The special relationship between the United States and Great Britain is about to get a little bit closer. For the first time in its 170-year history, the Smithsonian Institution is planning to open a permanent satellite location outside of the U.S.
A new partnership with The Victoria and Albert Museum (V&A) will enable the construction of an exhibition space on a triangular 4.5 acre parcel of land near the 2012 Olympic Stadium.
The new partnership is intended to be a bi-directional one that will see materials and expertise from the V&A coming to Smithsonian in Washington, D.C. The Victoria and Albert Museum, founded only six years after the Smithsonian, offers the world's largest collection of decorative arts and design.
"Through a collaboration with one of the world's great museums, we will be able to inspire and educate more people than ever before. With the V&A in London, we can build bridges to other countries and continents and share our work with the world," said the Smithsonian Institution's secretary David Skorton in a release.
Funding for the new facility will be provided without the use of federal tax dollars. The Smithsonian will contribute privately raised funds to cover the cost of constructing the new building, with assistance from The London Legacy Development Corporation and the Foundation for FutureLondon to identify new donors for the project. The V&A will cover ongoing costs of operating the facility.
This is expected to be a partnership between organizations rather than simply a co-location. Opportunities will be created for combining items and expertise from each museum's collections. The partnership came about following an overture two years ago from the Mayor of London's office inviting Smithsonian to participate in the redevelopment of the 2012 Olympic Park into an educational and culture center.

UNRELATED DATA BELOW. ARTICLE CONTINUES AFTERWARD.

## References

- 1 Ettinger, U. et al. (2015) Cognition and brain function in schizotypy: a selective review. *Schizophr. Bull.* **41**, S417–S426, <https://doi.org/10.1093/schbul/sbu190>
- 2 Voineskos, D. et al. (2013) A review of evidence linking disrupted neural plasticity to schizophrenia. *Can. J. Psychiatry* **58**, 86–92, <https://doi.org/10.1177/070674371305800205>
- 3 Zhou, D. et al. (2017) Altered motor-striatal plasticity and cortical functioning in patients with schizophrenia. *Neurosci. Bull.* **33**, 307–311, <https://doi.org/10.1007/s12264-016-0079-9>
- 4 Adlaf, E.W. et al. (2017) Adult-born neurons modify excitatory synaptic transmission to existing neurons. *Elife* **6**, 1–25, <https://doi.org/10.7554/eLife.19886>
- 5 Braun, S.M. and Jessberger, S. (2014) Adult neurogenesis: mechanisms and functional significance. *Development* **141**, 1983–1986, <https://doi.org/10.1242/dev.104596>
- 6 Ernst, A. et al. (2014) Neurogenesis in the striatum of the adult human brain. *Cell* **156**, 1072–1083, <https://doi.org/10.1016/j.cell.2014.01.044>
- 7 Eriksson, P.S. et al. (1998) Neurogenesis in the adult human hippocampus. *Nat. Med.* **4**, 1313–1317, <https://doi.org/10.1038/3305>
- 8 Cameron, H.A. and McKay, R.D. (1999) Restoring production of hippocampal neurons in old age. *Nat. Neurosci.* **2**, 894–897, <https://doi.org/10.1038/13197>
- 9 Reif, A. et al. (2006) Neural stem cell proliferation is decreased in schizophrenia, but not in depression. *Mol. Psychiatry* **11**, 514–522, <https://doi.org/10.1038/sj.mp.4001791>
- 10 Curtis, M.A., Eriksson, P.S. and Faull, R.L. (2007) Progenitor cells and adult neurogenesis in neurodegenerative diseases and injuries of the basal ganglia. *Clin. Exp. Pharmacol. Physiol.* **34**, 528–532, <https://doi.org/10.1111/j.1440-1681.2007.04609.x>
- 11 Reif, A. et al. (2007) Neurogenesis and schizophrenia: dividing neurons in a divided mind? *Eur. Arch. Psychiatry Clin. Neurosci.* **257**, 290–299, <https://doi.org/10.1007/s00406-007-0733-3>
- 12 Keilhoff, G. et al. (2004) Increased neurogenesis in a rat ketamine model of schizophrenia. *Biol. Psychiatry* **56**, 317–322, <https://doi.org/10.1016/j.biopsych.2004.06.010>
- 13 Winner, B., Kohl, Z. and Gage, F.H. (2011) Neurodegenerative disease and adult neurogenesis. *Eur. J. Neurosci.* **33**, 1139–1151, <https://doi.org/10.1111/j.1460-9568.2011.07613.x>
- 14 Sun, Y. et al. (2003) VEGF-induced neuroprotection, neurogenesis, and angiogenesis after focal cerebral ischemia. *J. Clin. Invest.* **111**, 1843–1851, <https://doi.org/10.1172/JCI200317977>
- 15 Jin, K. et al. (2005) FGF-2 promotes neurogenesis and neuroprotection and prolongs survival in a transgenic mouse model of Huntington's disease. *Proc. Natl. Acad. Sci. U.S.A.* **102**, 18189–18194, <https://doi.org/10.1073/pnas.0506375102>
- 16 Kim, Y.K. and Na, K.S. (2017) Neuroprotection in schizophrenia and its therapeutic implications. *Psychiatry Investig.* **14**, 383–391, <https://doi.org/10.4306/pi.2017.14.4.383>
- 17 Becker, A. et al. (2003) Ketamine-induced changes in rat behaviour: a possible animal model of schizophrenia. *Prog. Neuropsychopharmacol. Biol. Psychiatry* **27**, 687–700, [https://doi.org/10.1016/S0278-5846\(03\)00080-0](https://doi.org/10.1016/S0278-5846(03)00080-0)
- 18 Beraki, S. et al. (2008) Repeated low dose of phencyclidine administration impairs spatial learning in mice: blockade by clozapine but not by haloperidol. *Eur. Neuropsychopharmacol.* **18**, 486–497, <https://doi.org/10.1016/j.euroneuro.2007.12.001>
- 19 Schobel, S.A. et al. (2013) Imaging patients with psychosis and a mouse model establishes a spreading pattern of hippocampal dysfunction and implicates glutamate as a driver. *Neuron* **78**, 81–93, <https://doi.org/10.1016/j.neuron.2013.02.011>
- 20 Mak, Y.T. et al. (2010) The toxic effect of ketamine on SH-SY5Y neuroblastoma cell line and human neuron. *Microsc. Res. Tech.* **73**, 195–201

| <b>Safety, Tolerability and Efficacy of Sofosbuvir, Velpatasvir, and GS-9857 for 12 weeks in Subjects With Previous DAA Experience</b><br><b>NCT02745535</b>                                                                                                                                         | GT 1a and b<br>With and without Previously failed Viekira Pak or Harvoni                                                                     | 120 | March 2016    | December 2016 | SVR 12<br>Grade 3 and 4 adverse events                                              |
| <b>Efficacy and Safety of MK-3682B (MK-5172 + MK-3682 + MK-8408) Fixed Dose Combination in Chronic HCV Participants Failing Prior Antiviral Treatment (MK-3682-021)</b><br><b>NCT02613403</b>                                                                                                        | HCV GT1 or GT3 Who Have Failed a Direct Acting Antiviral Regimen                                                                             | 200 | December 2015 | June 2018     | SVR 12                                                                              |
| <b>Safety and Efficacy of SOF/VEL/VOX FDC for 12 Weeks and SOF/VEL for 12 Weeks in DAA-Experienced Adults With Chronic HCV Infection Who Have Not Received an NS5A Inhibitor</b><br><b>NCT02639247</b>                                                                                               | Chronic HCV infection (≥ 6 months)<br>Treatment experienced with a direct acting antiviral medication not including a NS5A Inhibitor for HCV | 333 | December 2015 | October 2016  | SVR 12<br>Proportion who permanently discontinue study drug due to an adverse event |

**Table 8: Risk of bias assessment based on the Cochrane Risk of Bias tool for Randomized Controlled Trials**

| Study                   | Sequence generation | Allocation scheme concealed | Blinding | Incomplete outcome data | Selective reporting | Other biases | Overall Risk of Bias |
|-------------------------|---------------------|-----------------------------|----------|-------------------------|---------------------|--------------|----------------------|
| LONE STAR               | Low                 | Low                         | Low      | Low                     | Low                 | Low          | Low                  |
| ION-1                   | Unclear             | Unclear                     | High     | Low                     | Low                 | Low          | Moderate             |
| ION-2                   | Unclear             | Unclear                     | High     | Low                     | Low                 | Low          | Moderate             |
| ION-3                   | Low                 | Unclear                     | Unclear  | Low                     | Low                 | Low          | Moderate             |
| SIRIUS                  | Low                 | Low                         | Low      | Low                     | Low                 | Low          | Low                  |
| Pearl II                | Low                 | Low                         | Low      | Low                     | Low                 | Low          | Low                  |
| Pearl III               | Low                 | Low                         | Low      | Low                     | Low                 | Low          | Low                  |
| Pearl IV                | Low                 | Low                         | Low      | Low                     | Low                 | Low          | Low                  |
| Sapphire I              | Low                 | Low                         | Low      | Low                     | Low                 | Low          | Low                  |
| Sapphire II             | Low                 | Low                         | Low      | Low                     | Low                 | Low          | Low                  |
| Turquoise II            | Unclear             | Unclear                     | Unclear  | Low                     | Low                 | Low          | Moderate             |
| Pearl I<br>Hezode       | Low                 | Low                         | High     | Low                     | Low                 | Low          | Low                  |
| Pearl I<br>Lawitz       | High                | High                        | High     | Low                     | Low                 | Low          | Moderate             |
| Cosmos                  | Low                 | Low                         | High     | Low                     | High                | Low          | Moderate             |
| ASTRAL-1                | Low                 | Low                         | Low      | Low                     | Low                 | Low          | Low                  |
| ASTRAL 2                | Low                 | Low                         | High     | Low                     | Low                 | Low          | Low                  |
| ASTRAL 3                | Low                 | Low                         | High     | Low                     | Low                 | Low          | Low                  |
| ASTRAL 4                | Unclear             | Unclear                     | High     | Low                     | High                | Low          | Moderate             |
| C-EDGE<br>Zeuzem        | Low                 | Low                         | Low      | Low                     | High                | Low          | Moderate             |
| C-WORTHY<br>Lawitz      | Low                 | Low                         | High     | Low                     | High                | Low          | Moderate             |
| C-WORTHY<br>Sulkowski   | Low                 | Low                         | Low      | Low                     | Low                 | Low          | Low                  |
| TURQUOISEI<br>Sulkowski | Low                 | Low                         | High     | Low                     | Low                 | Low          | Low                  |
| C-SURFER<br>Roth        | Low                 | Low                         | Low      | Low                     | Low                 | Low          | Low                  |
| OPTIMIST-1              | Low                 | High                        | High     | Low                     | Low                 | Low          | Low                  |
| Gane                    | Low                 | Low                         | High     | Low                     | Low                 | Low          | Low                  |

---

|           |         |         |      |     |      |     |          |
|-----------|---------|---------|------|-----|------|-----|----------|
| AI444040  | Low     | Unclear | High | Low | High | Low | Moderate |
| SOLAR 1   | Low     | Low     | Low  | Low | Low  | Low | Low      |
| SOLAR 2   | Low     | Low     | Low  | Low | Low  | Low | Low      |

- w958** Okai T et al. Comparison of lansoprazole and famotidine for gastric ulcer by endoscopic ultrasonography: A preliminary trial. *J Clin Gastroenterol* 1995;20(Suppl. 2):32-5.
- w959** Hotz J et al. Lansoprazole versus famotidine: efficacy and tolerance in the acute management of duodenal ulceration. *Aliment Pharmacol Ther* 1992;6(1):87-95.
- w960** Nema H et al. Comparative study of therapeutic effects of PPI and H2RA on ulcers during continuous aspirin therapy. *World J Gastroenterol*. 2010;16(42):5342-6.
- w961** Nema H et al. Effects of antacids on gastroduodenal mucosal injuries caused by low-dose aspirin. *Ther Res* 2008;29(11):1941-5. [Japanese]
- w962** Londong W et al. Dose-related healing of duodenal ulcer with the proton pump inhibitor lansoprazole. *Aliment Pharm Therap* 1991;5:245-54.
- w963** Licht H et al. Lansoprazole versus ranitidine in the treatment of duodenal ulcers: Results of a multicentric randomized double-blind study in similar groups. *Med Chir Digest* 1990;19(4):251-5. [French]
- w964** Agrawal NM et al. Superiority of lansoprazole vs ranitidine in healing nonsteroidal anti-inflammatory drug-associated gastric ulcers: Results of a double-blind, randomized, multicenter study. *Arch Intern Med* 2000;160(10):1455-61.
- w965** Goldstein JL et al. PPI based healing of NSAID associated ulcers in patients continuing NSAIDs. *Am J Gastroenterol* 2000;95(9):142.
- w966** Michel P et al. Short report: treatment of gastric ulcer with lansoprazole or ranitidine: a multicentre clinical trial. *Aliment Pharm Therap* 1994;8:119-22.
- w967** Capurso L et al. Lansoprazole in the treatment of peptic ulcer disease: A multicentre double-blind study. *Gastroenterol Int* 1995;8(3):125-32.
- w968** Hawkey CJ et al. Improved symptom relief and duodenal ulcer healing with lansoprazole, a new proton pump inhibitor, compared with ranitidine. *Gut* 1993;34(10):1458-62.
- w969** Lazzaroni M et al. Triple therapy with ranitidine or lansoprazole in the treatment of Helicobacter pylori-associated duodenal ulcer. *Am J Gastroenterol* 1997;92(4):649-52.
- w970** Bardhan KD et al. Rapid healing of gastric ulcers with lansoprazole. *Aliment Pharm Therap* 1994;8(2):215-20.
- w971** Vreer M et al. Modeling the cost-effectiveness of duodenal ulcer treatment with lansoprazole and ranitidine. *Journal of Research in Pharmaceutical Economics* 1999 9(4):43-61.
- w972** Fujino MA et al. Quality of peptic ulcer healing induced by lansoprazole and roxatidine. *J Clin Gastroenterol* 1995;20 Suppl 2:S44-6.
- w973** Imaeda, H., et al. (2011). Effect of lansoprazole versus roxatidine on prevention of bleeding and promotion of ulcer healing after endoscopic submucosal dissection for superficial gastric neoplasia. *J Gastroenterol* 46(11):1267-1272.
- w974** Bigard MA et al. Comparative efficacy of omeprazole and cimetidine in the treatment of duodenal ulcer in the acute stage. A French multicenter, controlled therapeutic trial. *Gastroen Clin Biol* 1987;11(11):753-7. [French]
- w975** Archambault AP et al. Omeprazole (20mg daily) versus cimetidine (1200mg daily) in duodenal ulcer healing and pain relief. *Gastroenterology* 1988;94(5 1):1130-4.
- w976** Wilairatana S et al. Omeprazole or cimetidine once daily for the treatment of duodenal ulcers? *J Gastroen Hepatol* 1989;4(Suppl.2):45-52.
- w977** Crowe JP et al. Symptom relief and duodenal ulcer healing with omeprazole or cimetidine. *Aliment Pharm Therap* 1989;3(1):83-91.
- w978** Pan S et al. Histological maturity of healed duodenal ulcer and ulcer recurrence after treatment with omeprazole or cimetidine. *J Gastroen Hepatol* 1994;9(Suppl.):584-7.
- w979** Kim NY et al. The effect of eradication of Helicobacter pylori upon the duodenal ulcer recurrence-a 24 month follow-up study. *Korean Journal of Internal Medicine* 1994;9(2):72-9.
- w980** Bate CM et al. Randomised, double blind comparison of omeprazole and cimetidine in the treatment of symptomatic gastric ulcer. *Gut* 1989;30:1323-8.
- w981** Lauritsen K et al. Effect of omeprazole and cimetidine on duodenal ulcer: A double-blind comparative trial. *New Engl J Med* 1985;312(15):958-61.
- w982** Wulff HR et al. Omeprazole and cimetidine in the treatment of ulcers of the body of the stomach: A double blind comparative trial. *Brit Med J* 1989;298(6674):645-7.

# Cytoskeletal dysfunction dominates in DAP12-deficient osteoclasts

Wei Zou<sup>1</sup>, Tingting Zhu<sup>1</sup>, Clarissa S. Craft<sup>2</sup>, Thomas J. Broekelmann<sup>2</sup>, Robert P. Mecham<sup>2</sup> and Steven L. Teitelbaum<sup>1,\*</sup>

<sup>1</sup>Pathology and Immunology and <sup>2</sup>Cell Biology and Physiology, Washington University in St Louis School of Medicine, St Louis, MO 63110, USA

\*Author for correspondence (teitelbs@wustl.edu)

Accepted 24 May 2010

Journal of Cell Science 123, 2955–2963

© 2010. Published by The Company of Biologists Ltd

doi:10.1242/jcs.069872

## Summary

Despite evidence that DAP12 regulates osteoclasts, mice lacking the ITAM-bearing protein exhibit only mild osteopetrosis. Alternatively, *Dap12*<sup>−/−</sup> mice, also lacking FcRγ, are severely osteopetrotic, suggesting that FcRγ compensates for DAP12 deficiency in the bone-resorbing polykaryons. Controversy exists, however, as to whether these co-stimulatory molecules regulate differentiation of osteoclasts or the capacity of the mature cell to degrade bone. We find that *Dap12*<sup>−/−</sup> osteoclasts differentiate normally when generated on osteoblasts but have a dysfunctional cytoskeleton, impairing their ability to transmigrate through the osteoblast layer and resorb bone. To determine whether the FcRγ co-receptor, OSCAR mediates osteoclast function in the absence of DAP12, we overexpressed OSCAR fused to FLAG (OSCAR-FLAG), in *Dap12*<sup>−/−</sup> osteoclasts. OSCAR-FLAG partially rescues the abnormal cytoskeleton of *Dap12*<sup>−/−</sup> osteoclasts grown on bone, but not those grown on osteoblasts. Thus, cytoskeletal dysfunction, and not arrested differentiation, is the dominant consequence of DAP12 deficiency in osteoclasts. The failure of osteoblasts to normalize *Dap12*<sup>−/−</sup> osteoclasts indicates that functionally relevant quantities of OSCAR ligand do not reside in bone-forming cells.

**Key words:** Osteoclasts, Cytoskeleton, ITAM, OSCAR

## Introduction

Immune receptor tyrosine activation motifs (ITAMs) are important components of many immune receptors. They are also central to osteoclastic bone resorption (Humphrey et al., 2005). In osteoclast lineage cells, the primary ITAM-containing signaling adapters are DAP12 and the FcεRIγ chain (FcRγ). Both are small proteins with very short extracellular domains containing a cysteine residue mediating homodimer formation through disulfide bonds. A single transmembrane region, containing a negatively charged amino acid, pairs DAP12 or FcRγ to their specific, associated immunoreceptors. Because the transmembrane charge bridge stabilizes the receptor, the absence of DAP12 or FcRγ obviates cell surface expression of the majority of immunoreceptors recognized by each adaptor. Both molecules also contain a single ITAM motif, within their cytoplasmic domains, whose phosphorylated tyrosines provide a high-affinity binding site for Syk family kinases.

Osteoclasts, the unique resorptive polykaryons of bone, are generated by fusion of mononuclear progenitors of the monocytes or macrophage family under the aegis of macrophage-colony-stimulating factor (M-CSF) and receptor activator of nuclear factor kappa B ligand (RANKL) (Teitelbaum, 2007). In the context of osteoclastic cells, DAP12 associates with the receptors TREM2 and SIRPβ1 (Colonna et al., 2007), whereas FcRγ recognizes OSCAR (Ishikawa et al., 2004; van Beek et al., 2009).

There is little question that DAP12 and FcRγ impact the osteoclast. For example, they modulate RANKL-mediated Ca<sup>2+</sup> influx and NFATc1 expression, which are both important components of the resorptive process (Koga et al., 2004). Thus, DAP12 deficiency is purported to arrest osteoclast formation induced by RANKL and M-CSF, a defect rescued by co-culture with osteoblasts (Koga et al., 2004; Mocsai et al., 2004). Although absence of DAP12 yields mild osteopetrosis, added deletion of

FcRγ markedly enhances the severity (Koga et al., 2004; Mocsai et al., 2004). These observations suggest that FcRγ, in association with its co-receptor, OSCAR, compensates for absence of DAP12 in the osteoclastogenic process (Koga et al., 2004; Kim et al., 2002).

London may be an especially fitting location for the Smithsonian's first location abroad. It was an Englishman, James Smithson, who was responsible for the creation of the Smithsonian Institution. His recommendation as a member of The Royal Society of London for Improving Natural Knowledge in 1787 stated that he was “a gentleman well versed in various branches of Natural Philosophy.” Fascinated with geology, chemistry and physics, Smithson spent his life traveling around Europe and Britain and publishing scientific papers. He never visited America, never married and had no children. For reasons that have never been fully understood, Smithson left his substantial personal fortune to the United States with the stipulation that it be used to endow “an establishment for the increase and diffusion of knowledge among men.”
The United States now appears to be re-paying the favor.